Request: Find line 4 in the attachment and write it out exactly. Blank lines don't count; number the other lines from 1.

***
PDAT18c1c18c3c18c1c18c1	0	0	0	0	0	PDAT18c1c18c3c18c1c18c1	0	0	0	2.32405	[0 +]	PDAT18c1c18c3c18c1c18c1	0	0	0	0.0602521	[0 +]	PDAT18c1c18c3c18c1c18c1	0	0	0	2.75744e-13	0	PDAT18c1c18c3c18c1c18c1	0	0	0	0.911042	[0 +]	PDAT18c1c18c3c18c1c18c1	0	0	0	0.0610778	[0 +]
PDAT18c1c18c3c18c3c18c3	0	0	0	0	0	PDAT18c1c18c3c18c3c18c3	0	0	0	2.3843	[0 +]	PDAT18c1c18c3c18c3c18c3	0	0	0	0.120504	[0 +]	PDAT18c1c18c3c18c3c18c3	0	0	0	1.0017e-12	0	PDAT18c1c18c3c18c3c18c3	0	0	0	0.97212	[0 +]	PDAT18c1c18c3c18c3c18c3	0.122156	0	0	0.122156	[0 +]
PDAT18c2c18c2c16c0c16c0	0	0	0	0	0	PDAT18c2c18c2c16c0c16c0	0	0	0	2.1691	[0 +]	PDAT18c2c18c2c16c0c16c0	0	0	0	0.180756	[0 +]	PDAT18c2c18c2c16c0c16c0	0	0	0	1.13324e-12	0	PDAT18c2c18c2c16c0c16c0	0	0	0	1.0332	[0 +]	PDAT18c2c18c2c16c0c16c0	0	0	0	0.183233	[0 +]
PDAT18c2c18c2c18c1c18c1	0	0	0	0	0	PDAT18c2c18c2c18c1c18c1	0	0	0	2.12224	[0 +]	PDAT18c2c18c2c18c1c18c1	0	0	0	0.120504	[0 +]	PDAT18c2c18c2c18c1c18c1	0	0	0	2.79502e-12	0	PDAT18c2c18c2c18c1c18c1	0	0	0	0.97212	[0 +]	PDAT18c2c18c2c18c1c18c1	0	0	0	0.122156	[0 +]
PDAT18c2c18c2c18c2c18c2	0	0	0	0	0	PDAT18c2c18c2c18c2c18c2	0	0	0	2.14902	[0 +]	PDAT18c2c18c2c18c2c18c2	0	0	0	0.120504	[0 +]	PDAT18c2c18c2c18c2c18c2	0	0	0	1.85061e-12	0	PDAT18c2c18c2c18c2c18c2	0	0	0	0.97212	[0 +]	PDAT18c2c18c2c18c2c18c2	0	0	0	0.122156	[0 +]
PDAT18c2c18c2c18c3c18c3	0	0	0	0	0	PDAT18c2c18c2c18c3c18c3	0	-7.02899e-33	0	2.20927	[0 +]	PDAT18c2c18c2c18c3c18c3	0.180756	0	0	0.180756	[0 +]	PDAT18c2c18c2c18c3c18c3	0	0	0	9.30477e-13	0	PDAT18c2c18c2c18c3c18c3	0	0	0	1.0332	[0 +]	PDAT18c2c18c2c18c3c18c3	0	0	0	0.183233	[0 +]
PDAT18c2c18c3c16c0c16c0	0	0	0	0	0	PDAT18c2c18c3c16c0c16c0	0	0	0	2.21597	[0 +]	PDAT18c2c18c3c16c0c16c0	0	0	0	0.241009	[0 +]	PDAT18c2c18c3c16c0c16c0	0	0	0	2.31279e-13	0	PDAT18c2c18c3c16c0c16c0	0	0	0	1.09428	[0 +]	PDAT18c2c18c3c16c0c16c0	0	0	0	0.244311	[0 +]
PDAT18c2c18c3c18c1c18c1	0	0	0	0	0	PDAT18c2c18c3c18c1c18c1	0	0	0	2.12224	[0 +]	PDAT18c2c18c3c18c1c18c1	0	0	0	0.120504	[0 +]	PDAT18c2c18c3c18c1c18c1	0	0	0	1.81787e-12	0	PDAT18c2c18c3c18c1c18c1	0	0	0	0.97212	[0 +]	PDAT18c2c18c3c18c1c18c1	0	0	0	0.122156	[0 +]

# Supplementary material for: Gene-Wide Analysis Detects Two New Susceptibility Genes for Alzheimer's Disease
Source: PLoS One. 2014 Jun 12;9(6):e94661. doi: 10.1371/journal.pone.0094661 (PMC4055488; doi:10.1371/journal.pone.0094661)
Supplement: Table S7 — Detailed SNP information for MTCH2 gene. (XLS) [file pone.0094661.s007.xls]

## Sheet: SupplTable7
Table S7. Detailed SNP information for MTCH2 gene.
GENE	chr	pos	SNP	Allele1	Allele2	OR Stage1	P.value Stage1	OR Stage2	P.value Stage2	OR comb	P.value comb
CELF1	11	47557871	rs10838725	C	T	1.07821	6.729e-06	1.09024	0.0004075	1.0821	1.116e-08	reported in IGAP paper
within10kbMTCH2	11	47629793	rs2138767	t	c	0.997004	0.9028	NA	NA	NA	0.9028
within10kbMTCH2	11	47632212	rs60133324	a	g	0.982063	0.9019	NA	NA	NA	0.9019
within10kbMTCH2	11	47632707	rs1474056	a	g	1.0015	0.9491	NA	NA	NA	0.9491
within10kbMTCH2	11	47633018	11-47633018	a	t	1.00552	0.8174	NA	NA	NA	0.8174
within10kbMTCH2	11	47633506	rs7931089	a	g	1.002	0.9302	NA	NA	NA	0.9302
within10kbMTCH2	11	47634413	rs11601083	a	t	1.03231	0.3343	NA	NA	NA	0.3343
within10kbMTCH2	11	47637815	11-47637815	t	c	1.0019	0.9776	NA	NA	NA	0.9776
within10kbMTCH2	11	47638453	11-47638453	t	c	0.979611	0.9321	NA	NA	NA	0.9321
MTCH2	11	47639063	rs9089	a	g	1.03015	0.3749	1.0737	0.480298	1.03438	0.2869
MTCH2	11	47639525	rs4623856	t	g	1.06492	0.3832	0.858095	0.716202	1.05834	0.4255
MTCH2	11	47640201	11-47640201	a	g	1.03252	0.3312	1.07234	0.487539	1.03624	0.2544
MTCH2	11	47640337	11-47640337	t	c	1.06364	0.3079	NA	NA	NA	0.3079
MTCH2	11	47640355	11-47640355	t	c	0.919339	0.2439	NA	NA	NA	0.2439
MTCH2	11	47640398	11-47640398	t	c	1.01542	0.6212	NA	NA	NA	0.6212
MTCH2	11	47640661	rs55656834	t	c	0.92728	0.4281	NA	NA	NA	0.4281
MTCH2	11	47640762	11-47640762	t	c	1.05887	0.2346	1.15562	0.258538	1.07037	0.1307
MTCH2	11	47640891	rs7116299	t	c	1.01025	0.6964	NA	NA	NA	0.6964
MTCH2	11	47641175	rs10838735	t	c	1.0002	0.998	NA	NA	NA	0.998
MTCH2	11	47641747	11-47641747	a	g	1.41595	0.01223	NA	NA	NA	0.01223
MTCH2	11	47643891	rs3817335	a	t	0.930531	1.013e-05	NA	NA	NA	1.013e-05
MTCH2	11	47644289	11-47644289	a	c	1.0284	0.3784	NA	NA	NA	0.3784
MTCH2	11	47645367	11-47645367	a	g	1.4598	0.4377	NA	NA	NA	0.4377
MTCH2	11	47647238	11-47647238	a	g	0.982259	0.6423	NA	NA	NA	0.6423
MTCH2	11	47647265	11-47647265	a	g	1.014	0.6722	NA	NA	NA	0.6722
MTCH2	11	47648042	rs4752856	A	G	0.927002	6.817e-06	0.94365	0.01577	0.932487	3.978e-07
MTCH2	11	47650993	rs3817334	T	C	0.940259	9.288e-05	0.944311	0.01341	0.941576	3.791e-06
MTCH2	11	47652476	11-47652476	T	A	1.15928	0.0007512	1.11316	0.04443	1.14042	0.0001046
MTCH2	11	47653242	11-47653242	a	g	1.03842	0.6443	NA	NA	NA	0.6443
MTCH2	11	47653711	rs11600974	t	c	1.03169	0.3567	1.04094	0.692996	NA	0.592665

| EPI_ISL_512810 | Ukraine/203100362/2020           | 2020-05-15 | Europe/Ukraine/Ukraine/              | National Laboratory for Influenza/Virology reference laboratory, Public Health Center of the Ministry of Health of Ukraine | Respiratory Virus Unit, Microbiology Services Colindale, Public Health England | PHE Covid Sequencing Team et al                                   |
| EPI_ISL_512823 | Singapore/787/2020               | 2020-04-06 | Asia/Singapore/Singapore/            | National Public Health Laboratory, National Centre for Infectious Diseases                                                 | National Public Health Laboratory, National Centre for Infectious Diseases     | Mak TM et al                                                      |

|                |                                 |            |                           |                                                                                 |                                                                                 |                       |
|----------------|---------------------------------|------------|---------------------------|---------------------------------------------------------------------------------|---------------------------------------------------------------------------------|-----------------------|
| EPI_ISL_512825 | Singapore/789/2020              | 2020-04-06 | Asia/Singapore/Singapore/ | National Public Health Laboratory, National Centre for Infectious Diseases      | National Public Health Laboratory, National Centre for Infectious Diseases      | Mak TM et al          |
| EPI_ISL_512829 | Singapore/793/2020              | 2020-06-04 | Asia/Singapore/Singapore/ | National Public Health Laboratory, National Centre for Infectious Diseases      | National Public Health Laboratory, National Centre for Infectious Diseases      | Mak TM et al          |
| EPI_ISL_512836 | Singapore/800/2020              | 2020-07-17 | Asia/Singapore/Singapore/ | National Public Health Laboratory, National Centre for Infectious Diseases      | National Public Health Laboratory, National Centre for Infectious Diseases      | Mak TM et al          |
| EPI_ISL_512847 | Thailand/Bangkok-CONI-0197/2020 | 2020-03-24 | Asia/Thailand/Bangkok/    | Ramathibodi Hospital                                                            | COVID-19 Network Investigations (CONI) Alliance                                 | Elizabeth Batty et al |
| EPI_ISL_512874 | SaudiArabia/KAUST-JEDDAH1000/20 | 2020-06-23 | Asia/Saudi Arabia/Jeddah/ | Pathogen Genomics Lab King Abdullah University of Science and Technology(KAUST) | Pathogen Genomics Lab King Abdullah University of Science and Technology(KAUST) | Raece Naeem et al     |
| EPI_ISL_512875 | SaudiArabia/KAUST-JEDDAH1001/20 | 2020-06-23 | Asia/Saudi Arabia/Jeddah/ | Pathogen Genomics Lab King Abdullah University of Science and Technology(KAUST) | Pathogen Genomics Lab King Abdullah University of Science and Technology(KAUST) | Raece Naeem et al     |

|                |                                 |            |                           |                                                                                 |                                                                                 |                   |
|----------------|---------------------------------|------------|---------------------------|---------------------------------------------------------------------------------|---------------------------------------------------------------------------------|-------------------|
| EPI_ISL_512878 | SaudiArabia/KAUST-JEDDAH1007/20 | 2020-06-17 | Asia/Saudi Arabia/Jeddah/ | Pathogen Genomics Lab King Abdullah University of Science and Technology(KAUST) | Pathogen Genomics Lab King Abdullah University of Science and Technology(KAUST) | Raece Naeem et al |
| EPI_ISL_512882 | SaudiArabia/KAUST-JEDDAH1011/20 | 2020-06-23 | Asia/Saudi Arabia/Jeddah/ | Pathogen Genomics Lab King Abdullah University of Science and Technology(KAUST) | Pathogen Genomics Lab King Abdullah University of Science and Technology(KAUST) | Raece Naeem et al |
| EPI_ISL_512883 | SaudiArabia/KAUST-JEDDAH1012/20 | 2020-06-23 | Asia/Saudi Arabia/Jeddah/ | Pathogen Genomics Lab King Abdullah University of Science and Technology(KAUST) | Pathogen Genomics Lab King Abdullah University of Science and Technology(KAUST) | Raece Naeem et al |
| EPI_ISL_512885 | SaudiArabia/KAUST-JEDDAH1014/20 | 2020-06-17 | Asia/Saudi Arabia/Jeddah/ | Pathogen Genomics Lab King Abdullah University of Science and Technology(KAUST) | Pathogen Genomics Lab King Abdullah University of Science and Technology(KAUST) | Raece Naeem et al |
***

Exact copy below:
PDAT18c2c18c2c18c1c18c1	0	0	0	0	0	PDAT18c2c18c2c18c1c18c1	0	0	0	2.12224	[0 +]	PDAT18c2c18c2c18c1c18c1	0	0	0	0.120504	[0 +]	PDAT18c2c18c2c18c1c18c1	0	0	0	2.79502e-12	0	PDAT18c2c18c2c18c1c18c1	0	0	0	0.97212	[0 +]	PDAT18c2c18c2c18c1c18c1	0	0	0	0.122156	[0 +]